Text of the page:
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There’s an App for That! Quit Smoking

March 2016

By Tom Stibolt, MD, Mobile Musings Column Editor

It turns out there are actually over 400 mobile apps purportedly designed to assist in smoking cessation. It is probably not surprising that most of these do not follow any proven principles of smoking cessation, and with few exceptions, were developed without input of a smoking cessation expert. A number of them are apparently helpful based on reviews by non-health care workers.

The app with arguably the best credentials is SmartQuit, which is available for both iOS and Android devices. It was developed at the University of Washington using principles created in a web-based environment. These are based on the Acceptance and Commitment Therapy (ACT) paradigm. It was studied against another app, QuitGuide from National Cancer Institute (also available for both iOS and Android). The apps were studied in 196 participants over eight weeks. The SmartQuit app outperformed QuitGuide although the difference was not statistically significant. Participants used the SmartQuit app significantly more frequently during their normal activities. The authors note that the study has significant limitations, but at least the two apps are based on solid cessation theory. Both apps are free.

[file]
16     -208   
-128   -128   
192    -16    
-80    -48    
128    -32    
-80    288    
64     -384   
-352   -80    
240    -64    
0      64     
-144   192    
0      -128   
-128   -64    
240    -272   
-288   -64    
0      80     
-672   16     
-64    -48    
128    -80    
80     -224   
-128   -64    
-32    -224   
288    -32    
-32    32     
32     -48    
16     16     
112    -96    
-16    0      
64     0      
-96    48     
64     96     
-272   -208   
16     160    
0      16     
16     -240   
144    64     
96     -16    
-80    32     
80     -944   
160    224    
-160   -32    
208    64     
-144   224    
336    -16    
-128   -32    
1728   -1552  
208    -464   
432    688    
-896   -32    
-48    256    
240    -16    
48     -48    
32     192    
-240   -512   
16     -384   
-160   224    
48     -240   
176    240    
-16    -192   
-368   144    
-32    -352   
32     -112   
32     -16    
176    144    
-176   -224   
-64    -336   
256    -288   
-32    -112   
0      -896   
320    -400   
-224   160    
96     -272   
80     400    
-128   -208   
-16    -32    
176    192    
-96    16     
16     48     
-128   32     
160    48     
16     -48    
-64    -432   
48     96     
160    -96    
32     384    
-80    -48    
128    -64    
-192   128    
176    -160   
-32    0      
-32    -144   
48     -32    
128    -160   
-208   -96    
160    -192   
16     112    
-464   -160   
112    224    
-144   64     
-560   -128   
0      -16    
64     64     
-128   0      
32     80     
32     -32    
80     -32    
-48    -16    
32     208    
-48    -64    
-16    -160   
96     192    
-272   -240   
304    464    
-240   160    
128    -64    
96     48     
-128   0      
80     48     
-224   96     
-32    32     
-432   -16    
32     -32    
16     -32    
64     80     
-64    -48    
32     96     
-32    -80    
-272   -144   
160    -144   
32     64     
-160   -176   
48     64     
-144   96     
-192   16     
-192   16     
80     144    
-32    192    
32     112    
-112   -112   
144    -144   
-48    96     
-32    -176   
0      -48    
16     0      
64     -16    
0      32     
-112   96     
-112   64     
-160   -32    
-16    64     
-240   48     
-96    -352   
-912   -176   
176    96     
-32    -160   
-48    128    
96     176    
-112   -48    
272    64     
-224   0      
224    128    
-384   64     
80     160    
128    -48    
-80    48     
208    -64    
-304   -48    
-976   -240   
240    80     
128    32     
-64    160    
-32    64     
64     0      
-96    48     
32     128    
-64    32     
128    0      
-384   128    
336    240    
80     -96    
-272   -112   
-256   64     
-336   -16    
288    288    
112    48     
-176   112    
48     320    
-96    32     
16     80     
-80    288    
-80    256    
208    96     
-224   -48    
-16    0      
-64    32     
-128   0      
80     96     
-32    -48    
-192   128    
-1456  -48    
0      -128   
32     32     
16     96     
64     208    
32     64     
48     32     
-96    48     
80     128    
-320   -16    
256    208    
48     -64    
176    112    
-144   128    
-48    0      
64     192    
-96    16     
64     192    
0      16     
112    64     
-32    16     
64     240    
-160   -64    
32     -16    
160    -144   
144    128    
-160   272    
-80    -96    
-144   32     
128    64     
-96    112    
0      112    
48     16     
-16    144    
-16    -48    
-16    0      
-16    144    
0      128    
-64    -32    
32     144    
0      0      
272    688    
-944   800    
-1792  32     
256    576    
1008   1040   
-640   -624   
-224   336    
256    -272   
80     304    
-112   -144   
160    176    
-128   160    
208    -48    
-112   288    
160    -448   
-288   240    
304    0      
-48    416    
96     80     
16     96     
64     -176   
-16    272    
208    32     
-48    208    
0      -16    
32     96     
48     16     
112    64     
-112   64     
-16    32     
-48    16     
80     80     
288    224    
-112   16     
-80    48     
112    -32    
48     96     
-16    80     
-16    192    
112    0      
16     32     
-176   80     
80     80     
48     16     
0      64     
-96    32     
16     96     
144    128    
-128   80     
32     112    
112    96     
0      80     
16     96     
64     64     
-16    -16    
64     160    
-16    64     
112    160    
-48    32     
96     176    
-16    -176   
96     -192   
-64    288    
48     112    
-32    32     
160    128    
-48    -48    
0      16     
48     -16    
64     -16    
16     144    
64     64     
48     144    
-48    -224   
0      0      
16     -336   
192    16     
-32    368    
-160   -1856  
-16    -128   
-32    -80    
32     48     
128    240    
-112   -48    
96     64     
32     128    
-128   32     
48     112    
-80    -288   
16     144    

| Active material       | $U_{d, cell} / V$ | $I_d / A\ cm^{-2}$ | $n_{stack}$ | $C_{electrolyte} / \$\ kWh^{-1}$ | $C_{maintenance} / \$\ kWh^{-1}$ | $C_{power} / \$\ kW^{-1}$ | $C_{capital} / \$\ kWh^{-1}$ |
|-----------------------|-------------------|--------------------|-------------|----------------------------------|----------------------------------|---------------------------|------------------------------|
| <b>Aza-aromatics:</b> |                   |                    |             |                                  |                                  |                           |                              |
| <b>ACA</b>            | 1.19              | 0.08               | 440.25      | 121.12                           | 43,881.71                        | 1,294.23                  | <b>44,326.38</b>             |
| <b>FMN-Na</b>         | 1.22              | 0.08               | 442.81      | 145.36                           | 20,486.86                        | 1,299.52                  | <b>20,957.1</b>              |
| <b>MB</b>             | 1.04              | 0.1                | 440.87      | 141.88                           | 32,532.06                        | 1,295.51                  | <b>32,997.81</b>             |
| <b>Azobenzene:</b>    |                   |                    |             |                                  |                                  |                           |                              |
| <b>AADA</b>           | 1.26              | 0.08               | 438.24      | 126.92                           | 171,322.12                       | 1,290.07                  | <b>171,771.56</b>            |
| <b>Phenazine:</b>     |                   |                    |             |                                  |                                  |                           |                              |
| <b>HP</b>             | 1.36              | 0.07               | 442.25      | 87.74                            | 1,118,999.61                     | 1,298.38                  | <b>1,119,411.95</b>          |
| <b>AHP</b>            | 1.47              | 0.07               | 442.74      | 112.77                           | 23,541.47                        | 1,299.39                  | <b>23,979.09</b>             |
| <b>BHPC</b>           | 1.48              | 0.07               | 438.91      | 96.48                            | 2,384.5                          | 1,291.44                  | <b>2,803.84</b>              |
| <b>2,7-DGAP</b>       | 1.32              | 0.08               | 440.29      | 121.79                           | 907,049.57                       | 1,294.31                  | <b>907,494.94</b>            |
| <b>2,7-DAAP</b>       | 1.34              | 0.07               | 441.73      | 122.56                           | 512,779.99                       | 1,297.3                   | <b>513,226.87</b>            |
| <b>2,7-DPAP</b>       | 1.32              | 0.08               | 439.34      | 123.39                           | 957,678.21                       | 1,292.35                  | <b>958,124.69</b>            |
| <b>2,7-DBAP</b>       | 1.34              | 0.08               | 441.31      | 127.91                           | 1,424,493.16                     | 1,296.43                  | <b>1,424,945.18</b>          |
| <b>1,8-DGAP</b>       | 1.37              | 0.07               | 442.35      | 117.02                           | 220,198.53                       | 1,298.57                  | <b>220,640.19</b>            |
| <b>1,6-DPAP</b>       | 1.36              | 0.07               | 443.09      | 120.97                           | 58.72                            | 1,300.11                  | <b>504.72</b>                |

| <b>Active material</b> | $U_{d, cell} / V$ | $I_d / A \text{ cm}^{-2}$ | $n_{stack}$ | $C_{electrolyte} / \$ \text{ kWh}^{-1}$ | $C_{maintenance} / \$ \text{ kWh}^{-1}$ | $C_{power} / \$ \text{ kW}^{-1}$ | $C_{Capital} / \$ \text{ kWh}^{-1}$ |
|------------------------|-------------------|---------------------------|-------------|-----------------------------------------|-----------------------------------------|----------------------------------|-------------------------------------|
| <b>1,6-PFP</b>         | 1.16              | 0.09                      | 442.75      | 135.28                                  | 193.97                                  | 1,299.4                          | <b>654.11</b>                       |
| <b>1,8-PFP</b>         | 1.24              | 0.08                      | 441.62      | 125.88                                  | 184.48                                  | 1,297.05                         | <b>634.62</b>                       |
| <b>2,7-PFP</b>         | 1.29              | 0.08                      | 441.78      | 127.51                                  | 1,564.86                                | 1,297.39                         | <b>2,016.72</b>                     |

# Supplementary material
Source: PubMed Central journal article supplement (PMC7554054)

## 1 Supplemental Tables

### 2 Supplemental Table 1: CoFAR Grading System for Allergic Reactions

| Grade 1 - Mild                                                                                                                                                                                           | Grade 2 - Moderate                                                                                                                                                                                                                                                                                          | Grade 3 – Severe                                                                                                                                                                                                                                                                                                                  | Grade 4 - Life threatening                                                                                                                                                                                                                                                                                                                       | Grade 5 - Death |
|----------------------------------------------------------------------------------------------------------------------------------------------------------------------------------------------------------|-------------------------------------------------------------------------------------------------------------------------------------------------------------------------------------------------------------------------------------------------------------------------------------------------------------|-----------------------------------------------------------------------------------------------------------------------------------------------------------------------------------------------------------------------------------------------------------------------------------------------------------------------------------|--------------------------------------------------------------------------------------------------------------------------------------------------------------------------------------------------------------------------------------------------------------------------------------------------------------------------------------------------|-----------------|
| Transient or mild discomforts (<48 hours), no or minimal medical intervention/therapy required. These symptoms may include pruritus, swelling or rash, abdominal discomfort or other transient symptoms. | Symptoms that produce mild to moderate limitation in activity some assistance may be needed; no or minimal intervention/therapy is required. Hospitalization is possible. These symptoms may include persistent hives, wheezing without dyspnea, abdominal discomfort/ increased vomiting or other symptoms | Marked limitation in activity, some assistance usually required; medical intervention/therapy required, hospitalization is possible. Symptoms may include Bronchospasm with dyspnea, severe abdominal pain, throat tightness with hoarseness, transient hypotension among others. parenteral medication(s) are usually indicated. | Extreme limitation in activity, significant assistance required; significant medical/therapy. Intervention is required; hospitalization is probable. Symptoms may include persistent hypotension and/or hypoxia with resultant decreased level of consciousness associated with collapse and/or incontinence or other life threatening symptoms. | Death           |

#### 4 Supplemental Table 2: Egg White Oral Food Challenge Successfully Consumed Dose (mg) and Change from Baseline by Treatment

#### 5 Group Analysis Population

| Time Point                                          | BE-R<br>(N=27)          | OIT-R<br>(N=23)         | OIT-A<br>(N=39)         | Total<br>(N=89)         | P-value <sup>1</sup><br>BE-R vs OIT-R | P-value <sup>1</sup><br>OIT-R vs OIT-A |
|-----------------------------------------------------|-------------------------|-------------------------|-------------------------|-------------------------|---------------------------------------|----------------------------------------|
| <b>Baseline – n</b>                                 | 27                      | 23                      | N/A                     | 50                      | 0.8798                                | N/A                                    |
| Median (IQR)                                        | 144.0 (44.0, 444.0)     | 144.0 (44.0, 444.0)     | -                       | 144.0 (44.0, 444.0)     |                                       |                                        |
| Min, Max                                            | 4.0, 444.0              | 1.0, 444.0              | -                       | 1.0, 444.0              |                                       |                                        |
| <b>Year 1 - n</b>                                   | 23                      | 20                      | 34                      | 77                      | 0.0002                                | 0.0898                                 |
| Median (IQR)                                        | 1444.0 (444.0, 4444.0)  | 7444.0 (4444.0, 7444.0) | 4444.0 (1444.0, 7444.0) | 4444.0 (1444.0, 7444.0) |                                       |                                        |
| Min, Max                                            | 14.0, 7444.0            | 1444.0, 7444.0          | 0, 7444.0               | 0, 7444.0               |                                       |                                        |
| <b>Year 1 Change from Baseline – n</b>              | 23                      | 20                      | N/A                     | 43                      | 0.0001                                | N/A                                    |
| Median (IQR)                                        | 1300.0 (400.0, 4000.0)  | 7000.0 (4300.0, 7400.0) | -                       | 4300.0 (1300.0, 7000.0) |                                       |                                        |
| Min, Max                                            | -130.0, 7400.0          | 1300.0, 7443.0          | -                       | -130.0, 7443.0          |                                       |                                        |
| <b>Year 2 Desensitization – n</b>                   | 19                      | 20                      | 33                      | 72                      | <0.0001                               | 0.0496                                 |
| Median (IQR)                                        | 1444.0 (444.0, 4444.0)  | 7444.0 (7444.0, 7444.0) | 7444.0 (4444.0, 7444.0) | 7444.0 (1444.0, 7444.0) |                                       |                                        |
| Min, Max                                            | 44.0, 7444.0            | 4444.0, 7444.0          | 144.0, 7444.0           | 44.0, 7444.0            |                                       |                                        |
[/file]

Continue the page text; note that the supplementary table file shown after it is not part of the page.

A study performed by researchers at George Washington University concluded that “iPhone apps for smoking cessation rarely adhere to established guidelines for smoking cessation. It is recommended that current apps be revised and future apps be developed around evidence-based practices for smoking cessation”.

A study published in 2014 looking at use of smoking cessation apps in the United States, Great Britain, and Australia found that a smartphone app was able to reach smokers across three countries who were not seeking professional help, but were ready to quit within the next 30 days. Respondents were relatively young and almost demographically similar across all three countries. They also frequently used other health-related apps, mostly without checking the credibility of their publishers.

A number of other apps have received good reviews in non-health publications, several of which purport to have been written by medical smoking cessation experts. Included in this list are Craving to Quit (Yale University) and LIVESTRONG MyQuit Coach (reportedly doctor-approved). The latter application is iOS only, though both are free.

Another well-reviewed app, SmokeFree, claims to be based on over 20 different, evidence-based, techniques to help smokers become—and stay—smoke free. The author is actually collecting efficacy data using the app and smokers can decide to be included or excluded from the data gathering process. The app is free and available for both iOS and Android.

Several apps seem to be games more than serious medical software. Whether games are of interest or not, the good news is, there are a number of reasonable options available to help patients quit smoking. I am hopeful more will come along.

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Editor’s note: The ATS does not endorse any of the programs or products mentioned in this column.

Last Reviewed: September 2017